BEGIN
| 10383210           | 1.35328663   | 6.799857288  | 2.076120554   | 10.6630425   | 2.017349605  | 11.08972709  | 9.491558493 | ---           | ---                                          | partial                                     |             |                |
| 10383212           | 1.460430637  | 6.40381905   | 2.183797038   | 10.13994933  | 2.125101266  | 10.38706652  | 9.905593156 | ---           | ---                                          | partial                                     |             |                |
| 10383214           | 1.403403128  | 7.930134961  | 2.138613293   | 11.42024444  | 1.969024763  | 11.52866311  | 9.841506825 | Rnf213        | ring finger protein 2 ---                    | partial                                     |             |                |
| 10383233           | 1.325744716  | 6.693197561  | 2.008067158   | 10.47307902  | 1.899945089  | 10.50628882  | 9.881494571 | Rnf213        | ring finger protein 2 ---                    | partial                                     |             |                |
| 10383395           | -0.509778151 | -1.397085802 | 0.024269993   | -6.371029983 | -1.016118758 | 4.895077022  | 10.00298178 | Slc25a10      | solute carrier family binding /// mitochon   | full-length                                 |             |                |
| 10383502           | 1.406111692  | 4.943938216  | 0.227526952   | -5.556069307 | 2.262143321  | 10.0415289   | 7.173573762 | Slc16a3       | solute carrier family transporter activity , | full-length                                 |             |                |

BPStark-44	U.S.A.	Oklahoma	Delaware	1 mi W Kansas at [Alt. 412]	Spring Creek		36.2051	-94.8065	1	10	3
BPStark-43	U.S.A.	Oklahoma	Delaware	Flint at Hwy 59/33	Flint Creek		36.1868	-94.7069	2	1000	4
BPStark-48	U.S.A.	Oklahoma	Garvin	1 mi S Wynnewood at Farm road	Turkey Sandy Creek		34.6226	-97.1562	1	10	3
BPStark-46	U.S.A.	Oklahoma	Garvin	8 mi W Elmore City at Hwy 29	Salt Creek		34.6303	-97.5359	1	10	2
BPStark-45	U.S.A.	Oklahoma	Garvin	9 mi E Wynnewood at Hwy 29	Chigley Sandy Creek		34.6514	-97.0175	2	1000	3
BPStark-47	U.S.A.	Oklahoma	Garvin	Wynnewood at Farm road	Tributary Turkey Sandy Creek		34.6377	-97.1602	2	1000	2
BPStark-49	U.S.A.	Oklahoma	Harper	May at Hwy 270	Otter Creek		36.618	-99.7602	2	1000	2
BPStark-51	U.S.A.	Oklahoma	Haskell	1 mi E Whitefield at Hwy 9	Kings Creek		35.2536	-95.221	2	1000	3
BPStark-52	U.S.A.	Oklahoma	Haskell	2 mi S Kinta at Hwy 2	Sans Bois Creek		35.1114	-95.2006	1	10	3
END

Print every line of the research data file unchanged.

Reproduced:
| 10383210           | 1.35328663   | 6.799857288  | 2.076120554   | 10.6630425   | 2.017349605  | 11.08972709  | 9.491558493 | ---           | ---                                          | partial                                     |             |                |
| 10383212           | 1.460430637  | 6.40381905   | 2.183797038   | 10.13994933  | 2.125101266  | 10.38706652  | 9.905593156 | ---           | ---                                          | partial                                     |             |                |
| 10383214           | 1.403403128  | 7.930134961  | 2.138613293   | 11.42024444  | 1.969024763  | 11.52866311  | 9.841506825 | Rnf213        | ring finger protein 2 ---                    | partial                                     |             |                |
| 10383233           | 1.325744716  | 6.693197561  | 2.008067158   | 10.47307902  | 1.899945089  | 10.50628882  | 9.881494571 | Rnf213        | ring finger protein 2 ---                    | partial                                     |             |                |
| 10383395           | -0.509778151 | -1.397085802 | 0.024269993   | -6.371029983 | -1.016118758 | 4.895077022  | 10.00298178 | Slc25a10      | solute carrier family binding /// mitochon   | full-length                                 |             |                |
| 10383502           | 1.406111692  | 4.943938216  | 0.227526952   | -5.556069307 | 2.262143321  | 10.0415289   | 7.173573762 | Slc16a3       | solute carrier family transporter activity , | full-length                                 |             |                |

BPStark-44	U.S.A.	Oklahoma	Delaware	1 mi W Kansas at [Alt. 412]	Spring Creek		36.2051	-94.8065	1	10	3
BPStark-43	U.S.A.	Oklahoma	Delaware	Flint at Hwy 59/33	Flint Creek		36.1868	-94.7069	2	1000	4
BPStark-48	U.S.A.	Oklahoma	Garvin	1 mi S Wynnewood at Farm road	Turkey Sandy Creek		34.6226	-97.1562	1	10	3
BPStark-46	U.S.A.	Oklahoma	Garvin	8 mi W Elmore City at Hwy 29	Salt Creek		34.6303	-97.5359	1	10	2
BPStark-45	U.S.A.	Oklahoma	Garvin	9 mi E Wynnewood at Hwy 29	Chigley Sandy Creek		34.6514	-97.0175	2	1000	3
BPStark-47	U.S.A.	Oklahoma	Garvin	Wynnewood at Farm road	Tributary Turkey Sandy Creek		34.6377	-97.1602	2	1000	2
BPStark-49	U.S.A.	Oklahoma	Harper	May at Hwy 270	Otter Creek		36.618	-99.7602	2	1000	2
BPStark-51	U.S.A.	Oklahoma	Haskell	1 mi E Whitefield at Hwy 9	Kings Creek		35.2536	-95.221	2	1000	3
BPStark-52	U.S.A.	Oklahoma	Haskell	2 mi S Kinta at Hwy 2	Sans Bois Creek		35.1114	-95.2006	1	10	3